Compare Electricity Rates in Illinois
Illinois Electricity Rates Compare Today.
Illinois Energy Deregulation
In 1999, Illinois established energy choice and was added to the list of states now deregulated for electricity. Unfortunately, due to rate caps and approved just the year prior, it wasn’t until 2008 to 2009 that residential and small commercial customers really were able to switch to an alternate retail electricity provider. Deregulation prevents monopolies with utility companies and drives rates down for the consumer. The transition process can take time to be established and accessible to the consumer.
In a deregulated market, suppliers purchase energy and set their costs accordingly. Because there is more than one supplier in your service area, there is competition. As a result, the market rates stay lower than they would in a regulated market. Once you commit to a supplier, they will send your energy to your utility for distribution.
The energy market changes daily, which means a rate today can change with the market up or down. Staying on top of the market conditions and locking in your agreement when the market is low is important. No matter if your commercial energy agreement expires next month or two years from now, you can take advantage of current market conditions to lock in your next agreement.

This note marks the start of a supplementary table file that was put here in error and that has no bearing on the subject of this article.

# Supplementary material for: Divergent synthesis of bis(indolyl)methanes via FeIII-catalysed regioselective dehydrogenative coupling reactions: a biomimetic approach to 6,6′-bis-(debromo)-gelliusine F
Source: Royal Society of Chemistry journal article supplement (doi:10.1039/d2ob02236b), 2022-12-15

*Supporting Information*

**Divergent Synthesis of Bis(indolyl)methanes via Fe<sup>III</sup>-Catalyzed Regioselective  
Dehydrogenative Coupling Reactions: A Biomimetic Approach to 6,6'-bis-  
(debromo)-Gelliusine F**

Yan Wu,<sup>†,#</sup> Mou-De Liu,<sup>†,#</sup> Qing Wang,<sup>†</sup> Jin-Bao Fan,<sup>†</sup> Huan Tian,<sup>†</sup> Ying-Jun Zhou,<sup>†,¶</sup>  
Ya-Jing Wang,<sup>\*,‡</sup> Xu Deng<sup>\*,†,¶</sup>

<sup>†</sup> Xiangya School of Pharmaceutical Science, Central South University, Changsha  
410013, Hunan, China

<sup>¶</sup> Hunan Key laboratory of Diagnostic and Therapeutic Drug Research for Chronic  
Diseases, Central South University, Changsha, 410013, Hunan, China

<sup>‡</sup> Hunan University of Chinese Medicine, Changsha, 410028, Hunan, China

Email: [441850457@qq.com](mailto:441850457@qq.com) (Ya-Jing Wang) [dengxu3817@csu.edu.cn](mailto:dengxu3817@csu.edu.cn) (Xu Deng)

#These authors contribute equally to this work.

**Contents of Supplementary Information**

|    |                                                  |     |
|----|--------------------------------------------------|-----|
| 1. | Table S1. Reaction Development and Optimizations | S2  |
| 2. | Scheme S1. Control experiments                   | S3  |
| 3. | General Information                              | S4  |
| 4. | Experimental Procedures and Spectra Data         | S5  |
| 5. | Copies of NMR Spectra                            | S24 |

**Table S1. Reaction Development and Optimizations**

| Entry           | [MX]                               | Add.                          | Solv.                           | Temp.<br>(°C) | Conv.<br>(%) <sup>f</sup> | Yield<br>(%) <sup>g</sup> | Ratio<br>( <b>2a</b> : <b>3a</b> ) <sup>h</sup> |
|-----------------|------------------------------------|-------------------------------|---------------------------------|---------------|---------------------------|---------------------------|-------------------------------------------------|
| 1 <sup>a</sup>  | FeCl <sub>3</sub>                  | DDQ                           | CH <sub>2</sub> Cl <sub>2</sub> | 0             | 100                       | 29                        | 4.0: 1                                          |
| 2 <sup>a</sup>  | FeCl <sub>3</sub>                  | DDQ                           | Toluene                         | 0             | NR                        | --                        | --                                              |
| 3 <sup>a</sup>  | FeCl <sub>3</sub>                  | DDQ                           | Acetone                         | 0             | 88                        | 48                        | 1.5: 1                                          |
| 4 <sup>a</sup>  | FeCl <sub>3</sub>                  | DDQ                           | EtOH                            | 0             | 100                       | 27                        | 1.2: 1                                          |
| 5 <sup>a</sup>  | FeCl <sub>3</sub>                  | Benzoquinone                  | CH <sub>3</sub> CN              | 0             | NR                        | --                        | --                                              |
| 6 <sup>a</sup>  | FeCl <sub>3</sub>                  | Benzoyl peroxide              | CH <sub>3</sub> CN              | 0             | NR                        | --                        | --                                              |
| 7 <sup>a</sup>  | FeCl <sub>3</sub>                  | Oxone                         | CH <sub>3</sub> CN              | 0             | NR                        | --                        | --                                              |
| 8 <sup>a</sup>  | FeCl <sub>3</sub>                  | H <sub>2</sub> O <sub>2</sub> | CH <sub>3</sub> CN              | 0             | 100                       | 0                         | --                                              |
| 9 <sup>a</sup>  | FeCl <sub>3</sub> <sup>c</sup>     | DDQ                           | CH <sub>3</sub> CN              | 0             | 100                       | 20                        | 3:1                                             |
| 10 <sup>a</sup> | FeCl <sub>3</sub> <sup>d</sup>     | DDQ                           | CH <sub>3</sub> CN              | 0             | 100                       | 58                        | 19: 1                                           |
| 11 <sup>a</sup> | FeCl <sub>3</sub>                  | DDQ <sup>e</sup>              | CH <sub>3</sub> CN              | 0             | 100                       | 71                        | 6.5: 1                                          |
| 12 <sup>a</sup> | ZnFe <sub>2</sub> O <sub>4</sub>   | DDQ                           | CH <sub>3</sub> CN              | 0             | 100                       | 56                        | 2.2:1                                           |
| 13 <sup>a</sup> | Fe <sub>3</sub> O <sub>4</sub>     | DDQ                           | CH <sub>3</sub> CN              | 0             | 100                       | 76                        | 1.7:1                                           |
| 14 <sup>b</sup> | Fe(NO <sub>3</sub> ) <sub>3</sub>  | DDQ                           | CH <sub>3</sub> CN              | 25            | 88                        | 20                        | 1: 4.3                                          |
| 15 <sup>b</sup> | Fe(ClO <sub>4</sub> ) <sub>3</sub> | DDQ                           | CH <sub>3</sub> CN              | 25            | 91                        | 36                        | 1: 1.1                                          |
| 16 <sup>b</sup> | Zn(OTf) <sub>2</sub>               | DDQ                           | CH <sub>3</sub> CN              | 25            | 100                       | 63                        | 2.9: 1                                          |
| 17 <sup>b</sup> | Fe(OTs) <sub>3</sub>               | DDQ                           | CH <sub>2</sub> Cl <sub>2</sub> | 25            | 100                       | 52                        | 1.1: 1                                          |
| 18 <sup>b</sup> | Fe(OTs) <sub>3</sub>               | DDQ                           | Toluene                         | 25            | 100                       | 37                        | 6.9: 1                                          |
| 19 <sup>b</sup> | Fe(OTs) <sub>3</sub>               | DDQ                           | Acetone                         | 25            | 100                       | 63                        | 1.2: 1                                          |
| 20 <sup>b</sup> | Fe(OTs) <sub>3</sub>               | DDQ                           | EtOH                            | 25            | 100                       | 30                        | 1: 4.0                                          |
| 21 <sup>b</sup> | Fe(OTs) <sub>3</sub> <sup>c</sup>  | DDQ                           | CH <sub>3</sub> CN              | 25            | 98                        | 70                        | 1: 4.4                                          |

Illinois Energy Utilities
Commonwealth Edison (ComEd): (800) 334-7661
Ameren Illinois: (800) 755-5000
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Residential & Small Business Rates in Illinois
If you are shopping for your home or have a small business that consumes under 250,000 kWh's per year, our online portal may be the best path for getting started.
Schedule A Reverse Energy Auction
Larger commercial and industrial clients can easily benefit from our reverse energy auction process. Schedule your next auction and review bids in one easy spot.
Electric Rate Options in Illinois
Lock in your cost with less risk if the market goes up. A fixed rate will stay the same for the length of your contract.
Higher risk comes with a variable agreement because the rate changes each month based on the market. If the market drops, you'll see savings but the latter is if the market goes up, you'll pay for that as well.